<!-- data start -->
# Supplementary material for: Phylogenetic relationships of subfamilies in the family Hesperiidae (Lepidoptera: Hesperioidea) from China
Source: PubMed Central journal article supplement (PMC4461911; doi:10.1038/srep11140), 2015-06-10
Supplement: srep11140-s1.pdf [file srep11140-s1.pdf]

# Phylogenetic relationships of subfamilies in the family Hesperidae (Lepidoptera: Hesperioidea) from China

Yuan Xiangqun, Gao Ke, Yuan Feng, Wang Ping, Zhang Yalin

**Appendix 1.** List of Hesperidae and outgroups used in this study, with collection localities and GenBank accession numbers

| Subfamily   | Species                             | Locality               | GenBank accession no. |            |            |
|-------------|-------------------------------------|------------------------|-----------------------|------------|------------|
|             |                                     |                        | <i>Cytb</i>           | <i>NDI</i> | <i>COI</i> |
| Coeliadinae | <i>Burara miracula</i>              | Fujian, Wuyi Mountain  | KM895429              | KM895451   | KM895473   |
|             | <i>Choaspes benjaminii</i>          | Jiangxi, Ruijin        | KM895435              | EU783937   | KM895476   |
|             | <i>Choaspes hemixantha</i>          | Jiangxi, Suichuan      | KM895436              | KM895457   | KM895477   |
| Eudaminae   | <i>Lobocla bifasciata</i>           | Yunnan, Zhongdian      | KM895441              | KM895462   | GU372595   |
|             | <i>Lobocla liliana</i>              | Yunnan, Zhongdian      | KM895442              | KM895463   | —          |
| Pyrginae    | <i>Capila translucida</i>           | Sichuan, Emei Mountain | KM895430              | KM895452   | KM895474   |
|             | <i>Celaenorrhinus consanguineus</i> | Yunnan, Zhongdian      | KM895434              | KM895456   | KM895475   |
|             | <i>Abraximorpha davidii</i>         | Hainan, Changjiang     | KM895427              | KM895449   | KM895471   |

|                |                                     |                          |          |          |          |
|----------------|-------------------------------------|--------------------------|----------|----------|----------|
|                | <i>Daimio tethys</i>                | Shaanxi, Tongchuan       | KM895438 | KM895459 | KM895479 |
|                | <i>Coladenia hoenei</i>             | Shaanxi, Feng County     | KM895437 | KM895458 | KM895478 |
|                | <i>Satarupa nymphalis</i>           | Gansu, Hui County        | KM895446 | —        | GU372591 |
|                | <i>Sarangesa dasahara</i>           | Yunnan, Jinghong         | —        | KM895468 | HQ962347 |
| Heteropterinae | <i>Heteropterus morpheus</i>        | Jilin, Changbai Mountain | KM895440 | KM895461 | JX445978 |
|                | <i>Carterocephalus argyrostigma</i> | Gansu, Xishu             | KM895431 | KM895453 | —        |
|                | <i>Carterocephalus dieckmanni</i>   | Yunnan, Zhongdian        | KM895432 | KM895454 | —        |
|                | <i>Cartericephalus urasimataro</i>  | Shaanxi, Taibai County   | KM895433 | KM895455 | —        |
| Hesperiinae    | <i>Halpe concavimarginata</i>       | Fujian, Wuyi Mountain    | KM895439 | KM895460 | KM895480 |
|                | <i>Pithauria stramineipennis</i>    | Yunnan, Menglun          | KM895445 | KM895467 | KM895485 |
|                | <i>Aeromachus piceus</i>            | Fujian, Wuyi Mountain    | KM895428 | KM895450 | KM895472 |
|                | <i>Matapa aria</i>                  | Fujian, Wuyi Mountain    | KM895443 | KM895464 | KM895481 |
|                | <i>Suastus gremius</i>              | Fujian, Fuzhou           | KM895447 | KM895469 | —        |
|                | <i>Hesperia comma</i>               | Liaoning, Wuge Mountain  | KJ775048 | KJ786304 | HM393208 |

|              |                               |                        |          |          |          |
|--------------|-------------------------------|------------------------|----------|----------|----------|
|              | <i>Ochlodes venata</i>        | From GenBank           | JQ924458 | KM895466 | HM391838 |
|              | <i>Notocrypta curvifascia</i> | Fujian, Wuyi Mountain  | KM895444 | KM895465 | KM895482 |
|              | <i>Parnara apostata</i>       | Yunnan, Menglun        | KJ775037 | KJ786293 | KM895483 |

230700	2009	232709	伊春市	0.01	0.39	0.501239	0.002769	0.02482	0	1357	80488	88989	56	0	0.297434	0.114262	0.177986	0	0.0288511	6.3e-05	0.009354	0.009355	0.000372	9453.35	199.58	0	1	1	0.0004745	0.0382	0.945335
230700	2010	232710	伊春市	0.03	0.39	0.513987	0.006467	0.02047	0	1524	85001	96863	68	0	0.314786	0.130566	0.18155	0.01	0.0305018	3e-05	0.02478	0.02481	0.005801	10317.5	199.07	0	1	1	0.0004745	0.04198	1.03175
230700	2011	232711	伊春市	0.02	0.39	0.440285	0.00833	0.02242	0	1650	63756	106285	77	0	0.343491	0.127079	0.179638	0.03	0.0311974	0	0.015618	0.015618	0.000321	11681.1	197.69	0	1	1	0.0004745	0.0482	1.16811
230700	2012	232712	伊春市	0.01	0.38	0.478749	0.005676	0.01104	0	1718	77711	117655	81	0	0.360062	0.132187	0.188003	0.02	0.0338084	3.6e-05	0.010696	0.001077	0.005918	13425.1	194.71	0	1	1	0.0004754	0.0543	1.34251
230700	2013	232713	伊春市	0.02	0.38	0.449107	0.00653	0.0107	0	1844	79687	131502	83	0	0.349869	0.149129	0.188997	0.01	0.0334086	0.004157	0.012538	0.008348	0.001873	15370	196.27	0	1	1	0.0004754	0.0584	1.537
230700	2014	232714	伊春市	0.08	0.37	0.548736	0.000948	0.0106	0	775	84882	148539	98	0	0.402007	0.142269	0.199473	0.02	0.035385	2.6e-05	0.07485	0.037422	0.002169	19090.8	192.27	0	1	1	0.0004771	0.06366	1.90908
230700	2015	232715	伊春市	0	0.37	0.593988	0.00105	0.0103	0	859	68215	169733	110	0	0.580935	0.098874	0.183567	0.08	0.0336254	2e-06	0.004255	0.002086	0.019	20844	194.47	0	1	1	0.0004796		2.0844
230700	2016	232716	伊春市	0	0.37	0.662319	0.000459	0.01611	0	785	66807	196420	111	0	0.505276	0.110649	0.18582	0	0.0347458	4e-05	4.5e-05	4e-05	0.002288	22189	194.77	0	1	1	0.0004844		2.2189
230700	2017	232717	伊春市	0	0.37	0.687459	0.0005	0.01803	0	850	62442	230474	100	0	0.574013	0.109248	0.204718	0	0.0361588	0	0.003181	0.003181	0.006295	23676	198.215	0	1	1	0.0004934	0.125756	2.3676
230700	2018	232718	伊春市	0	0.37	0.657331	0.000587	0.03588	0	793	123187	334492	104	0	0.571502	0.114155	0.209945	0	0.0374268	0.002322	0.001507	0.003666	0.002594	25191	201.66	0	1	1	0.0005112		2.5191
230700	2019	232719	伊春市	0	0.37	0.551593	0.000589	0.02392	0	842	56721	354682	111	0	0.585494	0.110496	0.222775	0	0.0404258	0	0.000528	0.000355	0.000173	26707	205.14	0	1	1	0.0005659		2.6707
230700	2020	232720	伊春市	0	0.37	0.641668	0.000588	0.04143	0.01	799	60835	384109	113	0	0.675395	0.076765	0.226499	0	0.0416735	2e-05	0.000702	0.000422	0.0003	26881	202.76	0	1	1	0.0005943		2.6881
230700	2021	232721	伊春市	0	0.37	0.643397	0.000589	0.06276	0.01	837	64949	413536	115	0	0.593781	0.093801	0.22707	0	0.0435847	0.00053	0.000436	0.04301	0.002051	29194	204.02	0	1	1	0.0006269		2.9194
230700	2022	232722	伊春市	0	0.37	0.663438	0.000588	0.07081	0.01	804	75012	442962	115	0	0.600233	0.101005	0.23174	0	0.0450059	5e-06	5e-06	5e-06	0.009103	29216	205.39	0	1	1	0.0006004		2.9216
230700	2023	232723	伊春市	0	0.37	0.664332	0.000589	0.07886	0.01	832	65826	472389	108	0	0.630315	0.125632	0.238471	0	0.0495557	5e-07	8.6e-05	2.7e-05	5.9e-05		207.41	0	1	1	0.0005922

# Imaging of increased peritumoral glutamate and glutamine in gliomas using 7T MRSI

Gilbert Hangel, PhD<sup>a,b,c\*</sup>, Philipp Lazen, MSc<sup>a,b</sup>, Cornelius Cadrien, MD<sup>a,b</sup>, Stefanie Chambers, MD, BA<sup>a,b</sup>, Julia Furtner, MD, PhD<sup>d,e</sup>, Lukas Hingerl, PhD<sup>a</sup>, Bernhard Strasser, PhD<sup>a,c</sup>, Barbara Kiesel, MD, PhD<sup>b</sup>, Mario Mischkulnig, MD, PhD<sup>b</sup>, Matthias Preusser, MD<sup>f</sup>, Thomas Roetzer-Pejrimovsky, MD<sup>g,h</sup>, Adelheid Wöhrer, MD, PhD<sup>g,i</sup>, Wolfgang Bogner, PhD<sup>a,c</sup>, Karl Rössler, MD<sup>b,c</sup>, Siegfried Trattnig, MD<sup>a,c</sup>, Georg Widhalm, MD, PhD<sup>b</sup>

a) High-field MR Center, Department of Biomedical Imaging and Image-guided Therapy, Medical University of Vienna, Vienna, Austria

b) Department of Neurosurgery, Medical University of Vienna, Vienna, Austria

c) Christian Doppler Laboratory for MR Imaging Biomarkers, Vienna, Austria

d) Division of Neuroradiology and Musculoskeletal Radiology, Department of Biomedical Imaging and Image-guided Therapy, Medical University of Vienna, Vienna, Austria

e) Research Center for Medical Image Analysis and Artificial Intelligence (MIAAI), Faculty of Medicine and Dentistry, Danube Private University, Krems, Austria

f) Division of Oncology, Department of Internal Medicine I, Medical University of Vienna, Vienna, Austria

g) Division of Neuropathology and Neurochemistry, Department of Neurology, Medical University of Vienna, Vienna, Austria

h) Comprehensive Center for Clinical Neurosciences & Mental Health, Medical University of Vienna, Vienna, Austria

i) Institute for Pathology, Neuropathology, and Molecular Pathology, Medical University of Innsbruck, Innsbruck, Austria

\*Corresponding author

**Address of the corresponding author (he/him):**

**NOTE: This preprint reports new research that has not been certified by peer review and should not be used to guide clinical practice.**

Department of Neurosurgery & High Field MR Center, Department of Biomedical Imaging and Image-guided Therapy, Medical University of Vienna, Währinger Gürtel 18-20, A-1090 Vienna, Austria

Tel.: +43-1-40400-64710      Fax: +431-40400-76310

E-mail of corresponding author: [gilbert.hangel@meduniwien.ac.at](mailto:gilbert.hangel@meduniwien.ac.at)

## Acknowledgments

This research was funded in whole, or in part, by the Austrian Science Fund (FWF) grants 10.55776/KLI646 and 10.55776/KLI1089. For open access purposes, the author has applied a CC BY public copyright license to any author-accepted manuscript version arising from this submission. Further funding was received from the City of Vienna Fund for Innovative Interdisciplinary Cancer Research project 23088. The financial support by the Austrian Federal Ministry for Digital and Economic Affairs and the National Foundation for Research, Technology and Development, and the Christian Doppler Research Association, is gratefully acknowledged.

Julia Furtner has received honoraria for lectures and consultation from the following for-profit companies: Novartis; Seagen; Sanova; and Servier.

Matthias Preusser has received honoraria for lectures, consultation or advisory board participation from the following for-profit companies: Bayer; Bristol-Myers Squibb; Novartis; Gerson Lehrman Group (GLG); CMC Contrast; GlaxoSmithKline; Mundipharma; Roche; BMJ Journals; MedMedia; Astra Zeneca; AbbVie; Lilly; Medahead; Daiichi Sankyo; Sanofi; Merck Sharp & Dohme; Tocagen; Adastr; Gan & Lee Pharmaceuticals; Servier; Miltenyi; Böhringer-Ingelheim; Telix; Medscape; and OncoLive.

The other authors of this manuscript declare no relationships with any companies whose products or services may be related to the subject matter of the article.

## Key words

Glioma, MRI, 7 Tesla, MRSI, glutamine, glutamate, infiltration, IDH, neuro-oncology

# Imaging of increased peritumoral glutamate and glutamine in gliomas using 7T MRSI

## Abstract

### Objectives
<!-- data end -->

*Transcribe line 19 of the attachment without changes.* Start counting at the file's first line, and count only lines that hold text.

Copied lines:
|----------------|-------------------------------------|--------------------------|----------|----------|----------|